So Henry played by himself and he was totally happy, until the electricity went off, the water stopped running, and the invaders made a second pass through town to wipe out any stragglers.

Despite all his gaming skills, Henry didn't turn out to be a very challenging opponent when he fought against real aliens. The battle was brief. And then it was



watched the blood
drain from Royce's face. His mouth dropped open like his jaw muscles had been slit. His eyes bulged as if someone had jammed high-pressure air hoses into both his ears and both his nostrils. He pointed a trembling finger at my parents' kitchen table.

“That's the most horrible thing I've ever seen. Or smelled.” He clutched his nose and ran out of the kitchen.

I really couldn't argue. My folks ate some totally disgusting stuff. “Wait for me,” I called.

“What was that?” Royce asked when I caught up with him in the living room.

“Gorgonzola,” I said. “It's a kind of blue cheese.”

“Man, it smells like someone blew it out their butt.” He shook his head. “Who'd make something like that?”

I shrugged. “Not a clue.”

But the question got me wondering. That night, after the cheese was safely wrapped up, I opened the fridge and looked at the label.
The address was on Millburg-Bayerton Road, the four-lane highway that, no surprise, ran between Millburg, where we lived, and Bayerton. I told Royce about it the next day in school.

“Hey, you know what a Gorgon is?” he said.


“That's like Medusa,” he said.

This wasn't clearing things up at all. “Who?”

“Medusa. Don't you pay any attention in school?”

I shook my head. “I try not to.”

“It's actually a cool story.”

“And you're going to tell it to me, no matter what I say. Right?”


I didn't try to fight it. Royce loved telling me stuff. So he told me about Medusa, who was so ugly that people who looked at her turned to stone. This guy named Perseus killed her by using his shield as a mirror. When she saw her own face, she turned to stone. Then Perseus cut off her head. I didn't bother asking Royce how you cut off a head when someone's turned to stone. Perseus must have had an awesome sword.

“We need to check this place out,” he said.

“No, we don't. It's just some stupid farm. Probably a bunch of old hippies or something, living with cows or goats. Smelly people with smelly animals making smelly cheese. There's nothing to see.”

“There must be,” he said. “A cheese that horrible has to come from a horrifying cheesemaker. We're going there right after school.”

I knew better than to argue. Once Royce decided to do something, it was easier to go along. So, after school, Royce and I caught the bus to Bayerton.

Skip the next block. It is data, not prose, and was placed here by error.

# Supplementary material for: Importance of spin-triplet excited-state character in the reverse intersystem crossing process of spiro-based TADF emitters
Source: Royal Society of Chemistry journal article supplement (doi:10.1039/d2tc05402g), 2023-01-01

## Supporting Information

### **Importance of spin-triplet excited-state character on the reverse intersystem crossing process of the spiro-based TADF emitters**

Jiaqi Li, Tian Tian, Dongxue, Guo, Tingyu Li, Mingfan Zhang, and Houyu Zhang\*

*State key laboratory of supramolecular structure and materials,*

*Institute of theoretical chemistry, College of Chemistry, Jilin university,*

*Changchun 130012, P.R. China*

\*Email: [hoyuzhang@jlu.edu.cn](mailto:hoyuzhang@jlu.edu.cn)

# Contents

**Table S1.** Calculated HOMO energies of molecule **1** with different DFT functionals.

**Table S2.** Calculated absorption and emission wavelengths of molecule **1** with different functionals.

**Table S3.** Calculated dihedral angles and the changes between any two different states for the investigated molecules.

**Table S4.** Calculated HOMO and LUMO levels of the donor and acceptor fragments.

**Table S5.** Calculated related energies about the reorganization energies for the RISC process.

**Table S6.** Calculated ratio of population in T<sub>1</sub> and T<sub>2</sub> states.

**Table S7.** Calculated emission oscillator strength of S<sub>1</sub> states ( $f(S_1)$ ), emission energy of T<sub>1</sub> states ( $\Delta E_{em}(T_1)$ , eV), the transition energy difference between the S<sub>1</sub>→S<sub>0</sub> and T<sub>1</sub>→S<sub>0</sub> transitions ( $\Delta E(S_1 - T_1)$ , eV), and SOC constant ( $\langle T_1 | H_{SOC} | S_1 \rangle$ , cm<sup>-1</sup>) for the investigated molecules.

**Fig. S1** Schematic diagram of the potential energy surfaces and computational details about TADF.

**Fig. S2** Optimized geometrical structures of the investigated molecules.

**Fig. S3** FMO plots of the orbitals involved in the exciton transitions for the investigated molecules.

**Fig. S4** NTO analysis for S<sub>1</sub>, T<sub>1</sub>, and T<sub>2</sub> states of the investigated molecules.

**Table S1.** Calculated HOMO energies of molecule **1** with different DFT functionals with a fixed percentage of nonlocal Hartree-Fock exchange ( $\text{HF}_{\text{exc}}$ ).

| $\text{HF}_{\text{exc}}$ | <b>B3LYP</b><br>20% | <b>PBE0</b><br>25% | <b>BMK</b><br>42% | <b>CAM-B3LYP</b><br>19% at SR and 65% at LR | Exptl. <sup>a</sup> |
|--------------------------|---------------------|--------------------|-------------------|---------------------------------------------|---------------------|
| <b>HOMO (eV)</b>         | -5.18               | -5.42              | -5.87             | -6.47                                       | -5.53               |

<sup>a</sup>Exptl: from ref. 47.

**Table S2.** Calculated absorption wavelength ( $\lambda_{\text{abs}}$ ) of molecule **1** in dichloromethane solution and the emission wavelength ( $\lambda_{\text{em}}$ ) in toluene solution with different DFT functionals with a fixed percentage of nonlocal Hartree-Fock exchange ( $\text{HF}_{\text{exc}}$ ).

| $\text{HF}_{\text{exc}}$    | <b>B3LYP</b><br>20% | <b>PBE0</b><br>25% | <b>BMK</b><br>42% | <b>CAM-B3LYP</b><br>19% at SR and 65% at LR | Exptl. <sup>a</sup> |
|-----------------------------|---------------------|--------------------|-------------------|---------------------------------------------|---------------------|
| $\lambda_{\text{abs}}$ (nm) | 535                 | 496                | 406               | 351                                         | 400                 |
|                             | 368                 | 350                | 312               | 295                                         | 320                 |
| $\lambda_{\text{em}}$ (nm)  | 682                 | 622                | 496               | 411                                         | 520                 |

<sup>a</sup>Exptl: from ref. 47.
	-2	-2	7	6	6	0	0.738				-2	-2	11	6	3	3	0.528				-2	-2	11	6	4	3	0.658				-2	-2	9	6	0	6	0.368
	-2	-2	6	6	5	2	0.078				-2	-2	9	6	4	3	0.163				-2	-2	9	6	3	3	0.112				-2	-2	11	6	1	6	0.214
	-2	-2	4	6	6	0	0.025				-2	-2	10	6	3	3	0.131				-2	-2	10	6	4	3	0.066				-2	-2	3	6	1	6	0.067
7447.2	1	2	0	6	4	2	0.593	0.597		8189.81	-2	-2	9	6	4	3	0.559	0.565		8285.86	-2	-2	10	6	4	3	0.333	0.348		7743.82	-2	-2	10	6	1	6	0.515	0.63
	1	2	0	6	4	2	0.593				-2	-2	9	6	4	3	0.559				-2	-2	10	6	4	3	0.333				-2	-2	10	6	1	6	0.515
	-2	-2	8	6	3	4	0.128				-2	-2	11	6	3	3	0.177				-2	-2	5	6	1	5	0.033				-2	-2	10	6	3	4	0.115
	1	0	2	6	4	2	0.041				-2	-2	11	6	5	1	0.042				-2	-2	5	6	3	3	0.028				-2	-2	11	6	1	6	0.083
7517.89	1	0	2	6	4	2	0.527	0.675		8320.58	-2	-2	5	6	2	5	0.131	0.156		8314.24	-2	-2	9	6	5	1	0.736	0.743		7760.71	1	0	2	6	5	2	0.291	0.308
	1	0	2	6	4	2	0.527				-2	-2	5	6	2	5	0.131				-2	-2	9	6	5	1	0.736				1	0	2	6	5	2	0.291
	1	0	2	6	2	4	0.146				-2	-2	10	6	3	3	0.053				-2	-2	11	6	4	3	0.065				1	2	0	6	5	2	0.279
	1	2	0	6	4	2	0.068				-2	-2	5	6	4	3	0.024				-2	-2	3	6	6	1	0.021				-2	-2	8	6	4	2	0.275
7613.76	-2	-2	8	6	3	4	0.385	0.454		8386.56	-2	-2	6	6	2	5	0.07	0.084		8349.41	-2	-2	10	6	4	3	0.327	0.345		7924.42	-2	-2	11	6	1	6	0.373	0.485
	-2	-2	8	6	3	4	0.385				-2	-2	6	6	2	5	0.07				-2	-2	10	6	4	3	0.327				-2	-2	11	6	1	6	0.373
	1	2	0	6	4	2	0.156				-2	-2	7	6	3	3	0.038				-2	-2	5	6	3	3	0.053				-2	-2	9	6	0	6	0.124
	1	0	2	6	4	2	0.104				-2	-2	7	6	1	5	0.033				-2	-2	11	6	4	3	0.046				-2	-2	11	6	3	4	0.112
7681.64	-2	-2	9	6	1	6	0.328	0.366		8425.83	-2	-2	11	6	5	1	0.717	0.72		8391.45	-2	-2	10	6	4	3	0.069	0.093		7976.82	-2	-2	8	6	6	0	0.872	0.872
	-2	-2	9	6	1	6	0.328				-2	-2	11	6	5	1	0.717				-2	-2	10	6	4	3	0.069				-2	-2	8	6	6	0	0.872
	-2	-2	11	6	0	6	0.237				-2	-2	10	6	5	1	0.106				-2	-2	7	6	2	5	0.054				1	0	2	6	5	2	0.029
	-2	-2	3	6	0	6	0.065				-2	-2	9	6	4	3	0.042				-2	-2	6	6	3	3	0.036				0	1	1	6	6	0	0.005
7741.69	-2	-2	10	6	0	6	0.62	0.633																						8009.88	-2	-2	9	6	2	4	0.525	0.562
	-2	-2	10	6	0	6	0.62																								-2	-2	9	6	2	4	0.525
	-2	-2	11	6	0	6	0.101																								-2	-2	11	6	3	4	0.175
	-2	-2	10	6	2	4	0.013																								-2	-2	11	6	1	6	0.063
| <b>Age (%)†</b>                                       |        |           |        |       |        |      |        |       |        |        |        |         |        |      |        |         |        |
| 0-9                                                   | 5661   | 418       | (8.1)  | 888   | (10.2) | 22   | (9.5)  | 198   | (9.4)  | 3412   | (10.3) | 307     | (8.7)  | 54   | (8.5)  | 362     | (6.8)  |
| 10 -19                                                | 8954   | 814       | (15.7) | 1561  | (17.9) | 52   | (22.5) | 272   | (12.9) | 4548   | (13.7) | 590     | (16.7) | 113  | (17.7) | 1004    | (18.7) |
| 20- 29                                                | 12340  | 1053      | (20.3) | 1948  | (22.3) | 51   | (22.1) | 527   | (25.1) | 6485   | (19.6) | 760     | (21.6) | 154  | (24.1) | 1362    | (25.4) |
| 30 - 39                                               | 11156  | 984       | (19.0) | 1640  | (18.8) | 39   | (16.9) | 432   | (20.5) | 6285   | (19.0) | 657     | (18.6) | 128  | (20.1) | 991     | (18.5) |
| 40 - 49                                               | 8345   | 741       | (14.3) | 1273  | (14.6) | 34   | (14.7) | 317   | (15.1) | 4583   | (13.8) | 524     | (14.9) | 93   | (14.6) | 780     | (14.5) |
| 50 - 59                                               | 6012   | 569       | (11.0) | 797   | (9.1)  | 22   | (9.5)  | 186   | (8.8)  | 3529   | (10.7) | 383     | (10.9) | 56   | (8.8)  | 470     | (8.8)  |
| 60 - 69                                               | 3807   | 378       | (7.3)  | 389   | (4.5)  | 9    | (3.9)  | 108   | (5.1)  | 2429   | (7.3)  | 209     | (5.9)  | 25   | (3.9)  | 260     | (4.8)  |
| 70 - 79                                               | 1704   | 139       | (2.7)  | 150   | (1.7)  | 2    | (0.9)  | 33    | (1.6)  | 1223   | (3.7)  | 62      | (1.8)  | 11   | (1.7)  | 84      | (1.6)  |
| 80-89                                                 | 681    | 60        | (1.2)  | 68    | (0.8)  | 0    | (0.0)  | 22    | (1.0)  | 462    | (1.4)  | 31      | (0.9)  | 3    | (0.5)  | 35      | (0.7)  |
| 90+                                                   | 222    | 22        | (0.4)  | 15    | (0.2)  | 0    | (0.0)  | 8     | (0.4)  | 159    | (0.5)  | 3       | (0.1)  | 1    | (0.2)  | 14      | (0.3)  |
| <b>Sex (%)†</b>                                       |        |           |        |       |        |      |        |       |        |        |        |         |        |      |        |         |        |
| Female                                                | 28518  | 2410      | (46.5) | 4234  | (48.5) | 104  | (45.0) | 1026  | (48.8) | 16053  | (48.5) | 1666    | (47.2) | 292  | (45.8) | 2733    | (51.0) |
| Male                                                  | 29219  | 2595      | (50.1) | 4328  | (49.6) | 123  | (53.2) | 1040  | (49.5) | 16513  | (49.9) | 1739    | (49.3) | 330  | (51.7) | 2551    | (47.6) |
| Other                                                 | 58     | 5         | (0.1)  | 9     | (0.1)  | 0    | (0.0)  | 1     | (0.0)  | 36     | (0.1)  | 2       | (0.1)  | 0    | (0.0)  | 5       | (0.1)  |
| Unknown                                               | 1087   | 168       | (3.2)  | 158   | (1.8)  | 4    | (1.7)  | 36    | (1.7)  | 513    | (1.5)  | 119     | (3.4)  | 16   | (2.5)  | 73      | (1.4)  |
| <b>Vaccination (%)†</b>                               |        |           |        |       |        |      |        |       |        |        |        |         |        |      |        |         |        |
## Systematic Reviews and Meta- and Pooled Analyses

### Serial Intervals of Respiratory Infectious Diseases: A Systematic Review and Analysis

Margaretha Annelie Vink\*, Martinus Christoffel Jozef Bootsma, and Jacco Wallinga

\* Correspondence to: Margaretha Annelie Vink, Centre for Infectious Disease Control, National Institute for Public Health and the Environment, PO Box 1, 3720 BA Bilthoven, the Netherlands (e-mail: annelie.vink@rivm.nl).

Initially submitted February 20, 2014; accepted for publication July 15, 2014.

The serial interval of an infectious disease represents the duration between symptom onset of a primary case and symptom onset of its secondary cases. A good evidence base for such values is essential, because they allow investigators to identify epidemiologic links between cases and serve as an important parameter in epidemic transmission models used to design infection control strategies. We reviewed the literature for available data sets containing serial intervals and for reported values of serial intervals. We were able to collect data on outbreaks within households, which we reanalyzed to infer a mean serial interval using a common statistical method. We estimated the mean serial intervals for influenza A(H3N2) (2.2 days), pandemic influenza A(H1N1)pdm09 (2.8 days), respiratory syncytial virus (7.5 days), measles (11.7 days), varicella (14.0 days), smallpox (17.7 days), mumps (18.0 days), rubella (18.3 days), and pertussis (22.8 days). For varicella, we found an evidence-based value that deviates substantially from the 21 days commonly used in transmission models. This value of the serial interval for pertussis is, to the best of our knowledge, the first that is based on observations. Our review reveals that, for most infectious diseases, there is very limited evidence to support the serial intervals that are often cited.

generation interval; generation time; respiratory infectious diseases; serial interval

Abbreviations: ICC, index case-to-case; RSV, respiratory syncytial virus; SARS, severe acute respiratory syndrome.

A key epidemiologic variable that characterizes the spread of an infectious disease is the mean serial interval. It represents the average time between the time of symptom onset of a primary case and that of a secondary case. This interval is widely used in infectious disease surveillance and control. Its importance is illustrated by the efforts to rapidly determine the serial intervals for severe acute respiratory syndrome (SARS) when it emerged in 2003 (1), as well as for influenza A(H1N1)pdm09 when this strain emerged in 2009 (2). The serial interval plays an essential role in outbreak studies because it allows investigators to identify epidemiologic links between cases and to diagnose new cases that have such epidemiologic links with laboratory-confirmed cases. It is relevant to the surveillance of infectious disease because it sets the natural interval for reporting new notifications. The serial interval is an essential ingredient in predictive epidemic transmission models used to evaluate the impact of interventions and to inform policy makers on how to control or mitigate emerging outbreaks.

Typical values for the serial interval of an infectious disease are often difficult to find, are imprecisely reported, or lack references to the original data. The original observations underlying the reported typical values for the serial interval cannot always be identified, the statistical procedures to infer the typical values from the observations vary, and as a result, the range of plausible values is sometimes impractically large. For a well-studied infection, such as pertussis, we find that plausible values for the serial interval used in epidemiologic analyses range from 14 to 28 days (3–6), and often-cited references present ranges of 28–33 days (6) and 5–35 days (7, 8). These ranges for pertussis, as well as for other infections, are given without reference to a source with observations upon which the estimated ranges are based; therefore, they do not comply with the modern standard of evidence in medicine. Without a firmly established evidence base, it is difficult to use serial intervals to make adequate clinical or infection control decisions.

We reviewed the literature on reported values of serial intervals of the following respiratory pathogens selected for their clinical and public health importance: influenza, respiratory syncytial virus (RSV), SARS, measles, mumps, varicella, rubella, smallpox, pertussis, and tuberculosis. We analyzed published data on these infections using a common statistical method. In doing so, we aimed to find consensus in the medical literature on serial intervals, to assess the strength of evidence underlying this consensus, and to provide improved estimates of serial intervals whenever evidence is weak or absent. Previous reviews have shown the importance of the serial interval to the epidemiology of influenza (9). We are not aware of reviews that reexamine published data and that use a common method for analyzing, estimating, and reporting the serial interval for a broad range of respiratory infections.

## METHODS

The whole way there, he kept touching his backpack, like he had something important inside.

“What's in there?” I asked.


“It has to be something.”

“I'll show you later.”

I could tell he wasn't going to give me a real answer. I sat back until we got close to our stop. Finally, the bus pulled over to the side of the highway next to a small wooden sign for Gorgon Farms.

“This is such a total waste of time,” I said as we got out.

“You have no sense of adventure,” Royce said.

“Adventure isn't always a good thing.” I looked past the sign. There was a gravel road curving out of sight beyond the trees.

Royce led the way. I followed him along the road, which ran through a dense forest of trees. Eventually, we reached a field.

“I told you there'd be goats,” I said.

Sure enough, behind a fence, I saw goats and cows. Chickens, too. The cows were grazing near a barn. There was a brick building behind the barn that looked like a small factory.

“Let's check it out,” Royce said.

We walked up to the building, then crouched on either side of a window.

“Someone's there,” Royce whispered.

A woman, dressed in a long white robe that reminded me of a bedsheet, was in the room, with her back to us. She had thick, wavy hair that reached past her shoulders. A large cage on a table held three chickens. The woman reached into the cage, pulled out a chicken, and raised it up in both hands so it was level with her head.

The chicken jolted and jerked, like it had seen something startling. It let out a really pathetic squawk. And then it froze.

But that wasn't the weird part. It didn't just freeze. It changed color. The chicken wasn't brown and yellow anymore. It was white, with green and blue veins.

“Cheese!” Royce gasped. I slapped my hand over his mouth before he could say anything else. I didn't want the woman to hear us.

In the room, the woman took the cheese chicken to a table and started to cut it up into pieces. It wasn't bloody. There weren't any guts. The thing was solid cheese. Solid Gorgonzola.

I think guts would have been less disgusting.

The woman's hair wriggled and writhed. I realized it wasn't thick curls—it was thin snakes.

“We have to get out of here,” I whispered.

BOOK: Beware the Ninja Weenies
4.46Mb size Format: txt, pdf, ePub